ABC News' Bret Hovell Reports: The forty-first president of the United States endorsed the Republican candidacy of Sen. John McCain Monday morning -- the second high-profile member of the Bush family to offer his explicit support to the Arizona Republican.
"I believe now is the right time for me to help John in his effort to start building the broad base coalition it will take for our conservative values to carry the White House this fall," former President George H. W. Bush said at a press conference in Houston.
Bush’s son Jeb Bush, the former governor of Florida and brother of President George W. Bush, has also endorsed McCain.
The current president has expressed an implicit support for McCain’s candidacy, but has yet to embrace McCain as the party’s nominee because the Republican race has not been officially settled, with former Gov. Mike Huckabee refusing to back out until a candidate gets to the 1,191 delegates needed to win the Republican nomination.
The elder Bush acknowledge that fact in his remarks Monday, seeming to signal to Huckabee, that his time in the race should begin to draw to a close.
"Let me stress that I’ve not come here to tell any other candidate what to do," Bush started before talking about his own failed bid for the 1980 Republican nomination.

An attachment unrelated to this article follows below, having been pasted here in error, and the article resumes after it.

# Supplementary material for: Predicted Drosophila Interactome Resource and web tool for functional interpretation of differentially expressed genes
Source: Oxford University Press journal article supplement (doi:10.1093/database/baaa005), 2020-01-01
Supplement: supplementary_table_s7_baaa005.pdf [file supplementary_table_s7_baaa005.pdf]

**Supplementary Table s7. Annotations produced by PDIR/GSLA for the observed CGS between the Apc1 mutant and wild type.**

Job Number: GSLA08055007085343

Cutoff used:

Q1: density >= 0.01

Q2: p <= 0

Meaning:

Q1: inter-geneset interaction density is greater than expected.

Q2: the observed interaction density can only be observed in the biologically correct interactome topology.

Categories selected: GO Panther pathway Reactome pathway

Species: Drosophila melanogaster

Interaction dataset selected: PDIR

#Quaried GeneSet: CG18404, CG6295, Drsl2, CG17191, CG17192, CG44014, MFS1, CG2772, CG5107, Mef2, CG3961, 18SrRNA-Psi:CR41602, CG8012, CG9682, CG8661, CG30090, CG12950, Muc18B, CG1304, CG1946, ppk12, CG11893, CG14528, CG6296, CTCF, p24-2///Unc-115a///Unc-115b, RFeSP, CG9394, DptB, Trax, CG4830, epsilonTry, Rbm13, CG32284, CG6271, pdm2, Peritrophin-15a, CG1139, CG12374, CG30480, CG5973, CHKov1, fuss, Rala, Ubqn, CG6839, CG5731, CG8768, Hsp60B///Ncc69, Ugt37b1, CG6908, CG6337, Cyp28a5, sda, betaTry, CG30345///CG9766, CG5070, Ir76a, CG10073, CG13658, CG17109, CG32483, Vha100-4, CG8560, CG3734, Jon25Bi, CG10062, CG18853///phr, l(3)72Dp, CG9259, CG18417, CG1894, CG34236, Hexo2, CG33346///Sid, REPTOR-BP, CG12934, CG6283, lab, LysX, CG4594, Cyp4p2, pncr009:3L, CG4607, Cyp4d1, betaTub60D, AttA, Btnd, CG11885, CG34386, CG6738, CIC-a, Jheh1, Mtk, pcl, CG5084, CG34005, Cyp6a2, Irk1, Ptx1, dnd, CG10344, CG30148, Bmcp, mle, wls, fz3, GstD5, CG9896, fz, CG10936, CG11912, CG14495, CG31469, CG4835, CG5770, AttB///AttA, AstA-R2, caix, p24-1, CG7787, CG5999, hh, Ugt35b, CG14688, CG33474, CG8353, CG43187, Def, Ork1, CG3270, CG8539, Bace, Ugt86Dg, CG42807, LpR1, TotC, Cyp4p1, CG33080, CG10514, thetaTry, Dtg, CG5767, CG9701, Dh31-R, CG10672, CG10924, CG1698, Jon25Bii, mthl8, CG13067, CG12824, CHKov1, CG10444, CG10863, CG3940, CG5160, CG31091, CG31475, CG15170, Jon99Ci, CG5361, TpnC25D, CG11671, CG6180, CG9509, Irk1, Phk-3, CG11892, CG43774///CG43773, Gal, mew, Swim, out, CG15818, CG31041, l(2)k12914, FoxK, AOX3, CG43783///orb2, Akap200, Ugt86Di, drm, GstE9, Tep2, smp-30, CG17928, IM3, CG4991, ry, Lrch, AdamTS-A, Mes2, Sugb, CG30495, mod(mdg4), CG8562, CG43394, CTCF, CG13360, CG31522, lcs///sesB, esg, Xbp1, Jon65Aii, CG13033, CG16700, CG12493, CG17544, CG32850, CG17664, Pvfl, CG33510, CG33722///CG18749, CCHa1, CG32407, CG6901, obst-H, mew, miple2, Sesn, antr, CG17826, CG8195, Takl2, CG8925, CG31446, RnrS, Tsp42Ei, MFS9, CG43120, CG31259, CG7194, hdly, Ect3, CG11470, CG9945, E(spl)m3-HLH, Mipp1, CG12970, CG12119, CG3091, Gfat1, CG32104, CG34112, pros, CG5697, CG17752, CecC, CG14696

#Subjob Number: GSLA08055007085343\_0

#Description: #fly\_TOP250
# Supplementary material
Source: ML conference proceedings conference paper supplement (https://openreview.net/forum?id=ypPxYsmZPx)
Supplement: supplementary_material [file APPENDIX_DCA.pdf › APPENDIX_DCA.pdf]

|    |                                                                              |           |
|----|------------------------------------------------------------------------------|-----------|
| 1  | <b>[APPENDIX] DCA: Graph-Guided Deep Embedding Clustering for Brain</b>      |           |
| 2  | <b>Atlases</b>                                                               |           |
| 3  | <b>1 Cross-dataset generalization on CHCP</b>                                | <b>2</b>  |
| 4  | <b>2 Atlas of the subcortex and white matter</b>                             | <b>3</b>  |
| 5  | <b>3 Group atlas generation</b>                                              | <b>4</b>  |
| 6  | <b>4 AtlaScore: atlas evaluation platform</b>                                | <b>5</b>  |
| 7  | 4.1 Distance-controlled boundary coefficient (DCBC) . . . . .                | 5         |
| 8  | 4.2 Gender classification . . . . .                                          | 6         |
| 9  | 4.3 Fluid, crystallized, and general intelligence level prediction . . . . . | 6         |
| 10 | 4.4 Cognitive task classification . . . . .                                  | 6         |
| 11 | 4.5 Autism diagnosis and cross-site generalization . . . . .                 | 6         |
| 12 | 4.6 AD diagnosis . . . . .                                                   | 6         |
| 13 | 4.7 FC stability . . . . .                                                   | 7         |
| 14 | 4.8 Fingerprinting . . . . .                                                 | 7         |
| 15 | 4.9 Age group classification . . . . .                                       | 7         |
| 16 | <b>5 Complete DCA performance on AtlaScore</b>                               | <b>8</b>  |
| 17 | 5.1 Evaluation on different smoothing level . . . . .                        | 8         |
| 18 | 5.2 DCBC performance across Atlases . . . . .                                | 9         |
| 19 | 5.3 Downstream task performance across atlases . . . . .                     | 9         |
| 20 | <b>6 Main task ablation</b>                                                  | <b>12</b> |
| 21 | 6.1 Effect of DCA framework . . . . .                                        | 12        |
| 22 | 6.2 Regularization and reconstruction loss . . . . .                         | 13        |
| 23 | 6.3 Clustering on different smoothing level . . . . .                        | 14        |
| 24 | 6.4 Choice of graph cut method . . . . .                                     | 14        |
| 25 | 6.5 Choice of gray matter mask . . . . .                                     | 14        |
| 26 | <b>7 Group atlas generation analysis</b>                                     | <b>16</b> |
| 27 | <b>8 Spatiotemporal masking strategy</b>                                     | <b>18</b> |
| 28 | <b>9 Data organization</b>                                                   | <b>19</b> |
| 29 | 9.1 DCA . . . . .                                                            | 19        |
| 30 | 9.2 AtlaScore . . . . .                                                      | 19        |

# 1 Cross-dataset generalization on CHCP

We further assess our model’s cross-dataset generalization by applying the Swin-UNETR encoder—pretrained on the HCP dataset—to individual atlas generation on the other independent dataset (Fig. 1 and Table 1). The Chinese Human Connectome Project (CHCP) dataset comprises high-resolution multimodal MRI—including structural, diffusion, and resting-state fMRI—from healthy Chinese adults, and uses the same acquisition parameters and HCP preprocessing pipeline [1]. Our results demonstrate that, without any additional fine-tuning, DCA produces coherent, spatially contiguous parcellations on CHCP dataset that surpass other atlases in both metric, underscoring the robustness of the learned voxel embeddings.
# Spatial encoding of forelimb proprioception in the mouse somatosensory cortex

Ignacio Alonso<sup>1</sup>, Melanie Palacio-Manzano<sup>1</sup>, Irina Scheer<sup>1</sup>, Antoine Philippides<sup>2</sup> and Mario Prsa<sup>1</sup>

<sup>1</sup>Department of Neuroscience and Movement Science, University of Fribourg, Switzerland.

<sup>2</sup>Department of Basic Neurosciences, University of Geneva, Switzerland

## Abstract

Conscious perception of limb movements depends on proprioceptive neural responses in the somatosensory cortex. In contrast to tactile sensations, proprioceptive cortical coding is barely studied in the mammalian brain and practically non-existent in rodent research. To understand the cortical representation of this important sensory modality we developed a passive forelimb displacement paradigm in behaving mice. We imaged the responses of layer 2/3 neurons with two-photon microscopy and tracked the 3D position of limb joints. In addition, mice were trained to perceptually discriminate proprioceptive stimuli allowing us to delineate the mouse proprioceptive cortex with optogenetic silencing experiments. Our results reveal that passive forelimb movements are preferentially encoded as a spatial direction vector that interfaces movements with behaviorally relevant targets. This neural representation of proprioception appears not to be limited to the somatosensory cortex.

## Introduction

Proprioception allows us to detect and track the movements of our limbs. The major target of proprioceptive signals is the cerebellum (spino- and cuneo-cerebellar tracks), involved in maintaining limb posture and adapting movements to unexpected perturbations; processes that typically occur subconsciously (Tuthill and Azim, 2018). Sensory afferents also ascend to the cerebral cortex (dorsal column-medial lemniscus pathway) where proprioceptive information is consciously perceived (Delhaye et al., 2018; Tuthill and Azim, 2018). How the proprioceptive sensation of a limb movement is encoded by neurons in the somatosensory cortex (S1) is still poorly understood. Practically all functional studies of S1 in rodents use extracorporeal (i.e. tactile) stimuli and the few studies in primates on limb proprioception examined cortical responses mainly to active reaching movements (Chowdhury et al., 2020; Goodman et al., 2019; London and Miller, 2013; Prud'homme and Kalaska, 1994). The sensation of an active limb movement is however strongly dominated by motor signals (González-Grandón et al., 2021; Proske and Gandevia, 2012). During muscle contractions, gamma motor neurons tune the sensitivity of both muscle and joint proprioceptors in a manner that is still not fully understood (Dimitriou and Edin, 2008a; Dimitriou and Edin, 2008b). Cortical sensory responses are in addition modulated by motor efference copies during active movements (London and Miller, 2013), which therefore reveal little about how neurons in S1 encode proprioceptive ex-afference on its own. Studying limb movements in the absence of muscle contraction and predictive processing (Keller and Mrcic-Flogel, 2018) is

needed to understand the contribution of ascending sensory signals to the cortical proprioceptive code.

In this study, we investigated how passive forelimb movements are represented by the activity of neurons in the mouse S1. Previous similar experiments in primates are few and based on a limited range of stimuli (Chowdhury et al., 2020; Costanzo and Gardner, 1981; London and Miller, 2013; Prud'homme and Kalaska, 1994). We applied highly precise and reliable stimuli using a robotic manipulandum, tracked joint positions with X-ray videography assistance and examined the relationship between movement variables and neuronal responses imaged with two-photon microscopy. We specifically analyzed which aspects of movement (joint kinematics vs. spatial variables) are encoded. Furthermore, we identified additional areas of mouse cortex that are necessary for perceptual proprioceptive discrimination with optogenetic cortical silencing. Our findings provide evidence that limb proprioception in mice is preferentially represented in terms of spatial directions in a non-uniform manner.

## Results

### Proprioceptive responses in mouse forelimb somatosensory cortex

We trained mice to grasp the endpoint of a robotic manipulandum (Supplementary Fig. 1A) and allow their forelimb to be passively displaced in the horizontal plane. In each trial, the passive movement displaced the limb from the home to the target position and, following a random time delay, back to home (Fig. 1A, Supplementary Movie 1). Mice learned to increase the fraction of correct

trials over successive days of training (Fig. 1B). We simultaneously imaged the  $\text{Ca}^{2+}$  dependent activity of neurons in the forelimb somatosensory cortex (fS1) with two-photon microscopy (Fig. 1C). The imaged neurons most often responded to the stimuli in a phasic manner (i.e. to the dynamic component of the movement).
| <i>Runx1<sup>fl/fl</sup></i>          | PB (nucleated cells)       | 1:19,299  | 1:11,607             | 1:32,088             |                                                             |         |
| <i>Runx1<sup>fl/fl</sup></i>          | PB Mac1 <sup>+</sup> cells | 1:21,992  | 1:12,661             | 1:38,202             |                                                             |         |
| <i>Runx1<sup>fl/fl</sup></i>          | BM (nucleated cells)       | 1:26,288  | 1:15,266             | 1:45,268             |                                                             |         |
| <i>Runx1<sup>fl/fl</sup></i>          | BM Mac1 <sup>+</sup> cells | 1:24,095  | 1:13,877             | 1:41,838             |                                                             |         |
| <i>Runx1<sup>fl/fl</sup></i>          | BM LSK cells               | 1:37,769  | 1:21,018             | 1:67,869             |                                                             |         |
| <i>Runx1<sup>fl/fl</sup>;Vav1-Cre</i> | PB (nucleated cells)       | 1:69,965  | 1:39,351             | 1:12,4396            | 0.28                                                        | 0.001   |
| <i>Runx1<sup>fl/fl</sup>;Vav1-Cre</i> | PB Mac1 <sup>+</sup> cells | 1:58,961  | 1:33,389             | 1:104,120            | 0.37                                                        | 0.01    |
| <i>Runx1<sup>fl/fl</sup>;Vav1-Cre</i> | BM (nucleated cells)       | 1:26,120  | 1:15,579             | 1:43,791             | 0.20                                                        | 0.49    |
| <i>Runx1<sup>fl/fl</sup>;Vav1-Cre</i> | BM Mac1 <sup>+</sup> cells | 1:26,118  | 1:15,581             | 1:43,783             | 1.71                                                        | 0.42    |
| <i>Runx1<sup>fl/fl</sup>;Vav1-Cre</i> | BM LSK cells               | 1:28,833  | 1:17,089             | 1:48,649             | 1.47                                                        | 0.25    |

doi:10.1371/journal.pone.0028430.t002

"Admitting to my own defeat in 1980, even after it was apparent to the rest of our team, was very tough for me was a hard thing to do when you’ve been working hard yourself," Bush said. "After so much time and exhaustive effort by so many friends, it can take a while for any candidate to read the handwriting on the wall and that certainly was true for me."
McCain promised Bush and his wife Barbara that they would not regret the endorsement.
"I can assure you that Cindy and I will do everything we can to make sure that you are proud and that your support of our candidacy will be something that you can look back on as having been the right thing to do," McCain said.
Bush also served up his analysis on the question of whether or not McCain is conservative enough to be the Republican standard bearer.
"I hear these criticisms and, Barbara knows, I get a little bit annoyed about them, frankly," the former president said.
"I just don’t like when I see a friend come under unfair attack, and that’s what this is," Bush said. "It’s not that big, it’s not that broad in my view. So he’ll do just fine with the base of the Republican Party."